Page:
Mayor Menino says parking is free in Back Bay to help businesses recover from closures due to Marathon bombings

Apedestrian passes in front of the Marathon Sports store on Boylston Street today, shortly after the street was reopened for the first time since the Boston Marathon terror bombings on April 15.
Apedestrian passes in front of the Marathon Sports store on Boylston Street today, shortly after the street was reopened for the first time since the Boston Marathon terror bombings on April 15. –Pat Greenhouse/Globe Staff

Boston Mayor Thomas M. Menino today announced that parking will be free along Boylston Street and in the Back Bay starting today as the city takes steps to help businesses that were shuttered for nine days while law enforcement investigated the Boston Marathon terror bombing sites.

“Boston is strong and we will support Boylston Strong all weekend long,’’ Menino said in a statement. “To support the efforts of our local businesses through the end of the weekend, the City of Boston is offering free parking at meters on Boylston Street and throughout the entire Back Bay.’’

The city said the meters are “located on all Back Bay streets between Arlington Street and Massachusetts Avenue, as well as those parking meters adjacent to the Public Garden.’’


Earlier today — around 3:35 a.m. — a passing police truck gave the all-clear and Boston police officers began carrying barricades and piling them on the sidewalk.

Just like that, with little fanfare or ceremony, Boylston Street was back open for business and pedestrian traffic began to trickle onto the thoroughfare.

And for the first time since the bombing, MBTA trolleys rumbled to a stop at Copley Station, the large placard reading “Closed for the Marathon’’ removed from the entrance to the Green Line station at last.

In some ways, the rhythm of the street struck familiar tones in the wee hours today, with few cars on the streets other than passing taxis and the occasional delivery trucks. In just a few cafes or convenience stores, employees could be seen bustling inside, readying for the day.

Rosalio Rodriguez, 40, washes windows for many of the businesses on Boylston Street. Just before 4 a.m., he pumped a squeegee over the front windows of the Starbucks located just a few feet away from the second blast. It was a strange feeling to be back on this stretch of the street, Rodriguez said, but he was glad to be back to work.

“I didn’t work all last week,’’ Rodriguez said. “All the stores were closed.’’


The scene was almost entirely rid of the chaos and debris of last week, but a few reminders remained. At The Tannery, a clothing store, the marquee letters spelling out the store’s name still hung askew. Tall boards of wood, painted black, had been placed in front of the restaurant Forum, the site of the second blast. And in front of Marathon Sports, at the spot where the first explosion struck, a crew of about half-dozen worked to refill a large patch of sidewalk with fresh concrete.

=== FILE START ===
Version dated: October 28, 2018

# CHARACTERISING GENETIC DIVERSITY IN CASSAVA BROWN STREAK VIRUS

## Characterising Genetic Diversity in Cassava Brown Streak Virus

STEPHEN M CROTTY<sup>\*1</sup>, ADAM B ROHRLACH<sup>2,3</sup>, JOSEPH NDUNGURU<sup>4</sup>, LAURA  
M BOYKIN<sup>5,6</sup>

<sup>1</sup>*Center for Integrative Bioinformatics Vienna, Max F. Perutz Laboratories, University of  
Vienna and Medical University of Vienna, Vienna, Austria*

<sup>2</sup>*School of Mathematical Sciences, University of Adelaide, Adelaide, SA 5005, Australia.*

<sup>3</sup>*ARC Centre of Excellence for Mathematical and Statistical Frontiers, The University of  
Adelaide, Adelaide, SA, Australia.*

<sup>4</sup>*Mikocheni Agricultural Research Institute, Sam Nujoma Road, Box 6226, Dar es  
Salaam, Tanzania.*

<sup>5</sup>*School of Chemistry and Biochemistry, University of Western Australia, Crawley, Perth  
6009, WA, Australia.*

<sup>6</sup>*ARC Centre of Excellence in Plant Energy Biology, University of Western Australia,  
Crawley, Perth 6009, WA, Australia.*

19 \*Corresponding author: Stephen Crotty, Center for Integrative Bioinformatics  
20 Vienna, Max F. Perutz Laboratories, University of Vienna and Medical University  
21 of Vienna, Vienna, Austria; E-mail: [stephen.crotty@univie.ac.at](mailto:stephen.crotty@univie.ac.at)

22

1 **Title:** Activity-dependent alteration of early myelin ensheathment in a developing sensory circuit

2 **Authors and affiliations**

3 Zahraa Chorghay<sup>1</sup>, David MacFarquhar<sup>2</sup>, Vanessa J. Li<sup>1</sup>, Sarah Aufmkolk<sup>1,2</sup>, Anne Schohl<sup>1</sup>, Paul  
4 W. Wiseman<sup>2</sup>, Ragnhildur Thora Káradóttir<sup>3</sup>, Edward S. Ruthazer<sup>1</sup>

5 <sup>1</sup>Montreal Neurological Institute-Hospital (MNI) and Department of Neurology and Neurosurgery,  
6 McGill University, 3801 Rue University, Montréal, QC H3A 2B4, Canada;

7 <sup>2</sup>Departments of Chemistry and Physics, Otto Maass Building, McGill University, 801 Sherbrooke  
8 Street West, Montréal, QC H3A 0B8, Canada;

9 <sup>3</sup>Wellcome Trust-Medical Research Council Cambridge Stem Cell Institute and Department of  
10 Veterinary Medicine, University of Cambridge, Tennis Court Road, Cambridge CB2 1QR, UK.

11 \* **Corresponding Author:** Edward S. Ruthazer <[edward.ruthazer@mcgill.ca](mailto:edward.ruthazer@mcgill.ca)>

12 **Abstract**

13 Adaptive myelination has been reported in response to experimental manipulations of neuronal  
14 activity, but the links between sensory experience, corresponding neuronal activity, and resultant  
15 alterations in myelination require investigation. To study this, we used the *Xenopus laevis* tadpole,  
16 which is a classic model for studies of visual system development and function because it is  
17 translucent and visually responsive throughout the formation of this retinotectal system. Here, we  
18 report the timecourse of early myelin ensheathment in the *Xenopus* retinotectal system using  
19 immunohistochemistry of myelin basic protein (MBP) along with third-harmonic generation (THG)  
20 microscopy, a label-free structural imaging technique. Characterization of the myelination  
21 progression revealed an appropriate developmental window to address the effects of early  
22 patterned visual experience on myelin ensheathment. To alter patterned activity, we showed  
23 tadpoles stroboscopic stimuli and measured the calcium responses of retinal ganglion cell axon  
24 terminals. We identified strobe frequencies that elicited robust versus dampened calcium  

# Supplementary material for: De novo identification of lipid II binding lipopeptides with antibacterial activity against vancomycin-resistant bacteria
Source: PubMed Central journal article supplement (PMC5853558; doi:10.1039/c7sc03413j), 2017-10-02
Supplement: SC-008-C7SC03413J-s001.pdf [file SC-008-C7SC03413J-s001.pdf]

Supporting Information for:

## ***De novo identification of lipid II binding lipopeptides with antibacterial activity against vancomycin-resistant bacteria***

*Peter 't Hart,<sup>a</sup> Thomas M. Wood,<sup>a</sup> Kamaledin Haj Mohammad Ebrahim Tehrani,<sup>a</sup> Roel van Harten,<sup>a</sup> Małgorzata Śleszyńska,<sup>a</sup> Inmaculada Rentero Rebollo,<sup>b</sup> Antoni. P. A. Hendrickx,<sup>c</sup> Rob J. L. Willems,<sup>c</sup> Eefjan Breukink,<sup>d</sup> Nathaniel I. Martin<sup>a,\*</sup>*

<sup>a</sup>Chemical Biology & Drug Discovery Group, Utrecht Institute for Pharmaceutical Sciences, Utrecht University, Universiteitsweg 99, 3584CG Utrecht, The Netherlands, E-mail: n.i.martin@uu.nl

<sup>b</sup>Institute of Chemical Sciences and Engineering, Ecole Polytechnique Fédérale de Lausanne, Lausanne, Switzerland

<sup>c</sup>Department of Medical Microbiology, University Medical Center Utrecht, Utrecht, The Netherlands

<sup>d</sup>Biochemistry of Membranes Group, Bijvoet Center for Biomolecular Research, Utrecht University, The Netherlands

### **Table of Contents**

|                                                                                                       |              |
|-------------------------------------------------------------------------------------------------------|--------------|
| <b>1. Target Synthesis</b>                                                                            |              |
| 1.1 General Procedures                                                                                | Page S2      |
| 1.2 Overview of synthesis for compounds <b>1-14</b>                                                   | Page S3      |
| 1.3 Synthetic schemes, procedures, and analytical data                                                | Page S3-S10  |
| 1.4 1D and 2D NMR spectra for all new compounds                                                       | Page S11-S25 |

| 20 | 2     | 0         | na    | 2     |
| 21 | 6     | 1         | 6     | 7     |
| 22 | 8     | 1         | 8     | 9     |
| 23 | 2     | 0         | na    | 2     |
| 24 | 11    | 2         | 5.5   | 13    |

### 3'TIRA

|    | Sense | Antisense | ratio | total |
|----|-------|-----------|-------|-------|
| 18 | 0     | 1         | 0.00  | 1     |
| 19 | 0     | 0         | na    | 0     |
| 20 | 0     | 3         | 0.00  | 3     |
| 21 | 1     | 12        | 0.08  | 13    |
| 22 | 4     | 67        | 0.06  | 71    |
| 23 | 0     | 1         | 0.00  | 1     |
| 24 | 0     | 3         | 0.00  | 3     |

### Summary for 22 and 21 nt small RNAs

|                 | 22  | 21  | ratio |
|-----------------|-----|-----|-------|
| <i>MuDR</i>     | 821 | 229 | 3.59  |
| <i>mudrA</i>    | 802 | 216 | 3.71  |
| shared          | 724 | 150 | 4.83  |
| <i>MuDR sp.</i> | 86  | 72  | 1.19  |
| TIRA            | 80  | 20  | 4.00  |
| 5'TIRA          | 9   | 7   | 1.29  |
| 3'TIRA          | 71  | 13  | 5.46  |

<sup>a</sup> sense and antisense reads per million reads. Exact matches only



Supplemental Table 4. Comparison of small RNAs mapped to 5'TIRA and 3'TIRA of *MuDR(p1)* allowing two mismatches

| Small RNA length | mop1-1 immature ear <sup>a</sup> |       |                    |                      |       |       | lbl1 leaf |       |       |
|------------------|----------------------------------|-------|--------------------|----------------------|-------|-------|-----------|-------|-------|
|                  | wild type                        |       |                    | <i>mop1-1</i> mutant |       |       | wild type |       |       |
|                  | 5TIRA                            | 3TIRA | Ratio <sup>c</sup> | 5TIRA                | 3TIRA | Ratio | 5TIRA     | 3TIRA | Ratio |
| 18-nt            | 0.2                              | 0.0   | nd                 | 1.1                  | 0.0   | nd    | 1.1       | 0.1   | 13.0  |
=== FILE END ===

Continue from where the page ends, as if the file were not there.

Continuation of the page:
A large sign hung in the window, mourning the victims of the explosion, and expressing gratitude to law enforcement officers and first responders. “We all stand as one, and we will run again,’’ the sign read. “We are all Boston. Thank you, from the bottom of our hearts. We will reopen soon.’’

Three people were killed and 264 were injured in the two blasts that struck at about 2:50 p.m. on April 15. One suspect in the bombing is dead, while the other is recovering from bullet wounds in the hospital and facing federal charges with possible sentences of life imprisonment or even death. The suspects allegedly killed one police officer and seriously injured another late last week before Tamerlan Tsarnaev, 26, was killed and Dzhokhar Tsarnaev, 19, was captured.

Some people walked the sidewalk in those first few minutes after Boylston Street reopened just to see it, to come to terms with it, and to pay their respects. One of those people was Lacey Clements of Waltham, who had no particular reason to be in the neighborhood but felt like it was the right thing to do.


“In a weird way, this is like therapy for me,’’ Clements said. “I just wanted to take a look at it, just to see — it’s remarkable.’’

It felt strange to stand in front of the bombing sites, he said, because for the most part, they looked so ordinary, almost exactly the same as they had before Marathon Monday.

“You get a sense that something happened here, but in a way, it’s almost back to normal, or at least a sense of normalcy,’’ Clements said. “It’s like, OK, this is the same as it ever was. This is Copley Square. This is Boston.’’

Jared Simmons, a 36-year-old who lives in the Fenway, also chose to visit the street at about 4:30 a.m., standing in silence outside Marathon Sports with a messenger bag hanging over his shoulder and a “Boston Strong’’ sticker stuck to his baseball cap.

Boylston Street, reopened but desolate in the early-morning hours, gave off an eerie feeling. Passing by the sites of the two explosions, he said, he had an urge to cross to the other side of the street, to distance himself.

“I’m weirded out even walking past,’’ Simmons said. “I don’t think it will be possible to walk by this spot for a very long time and not think of the marathon incident.’’

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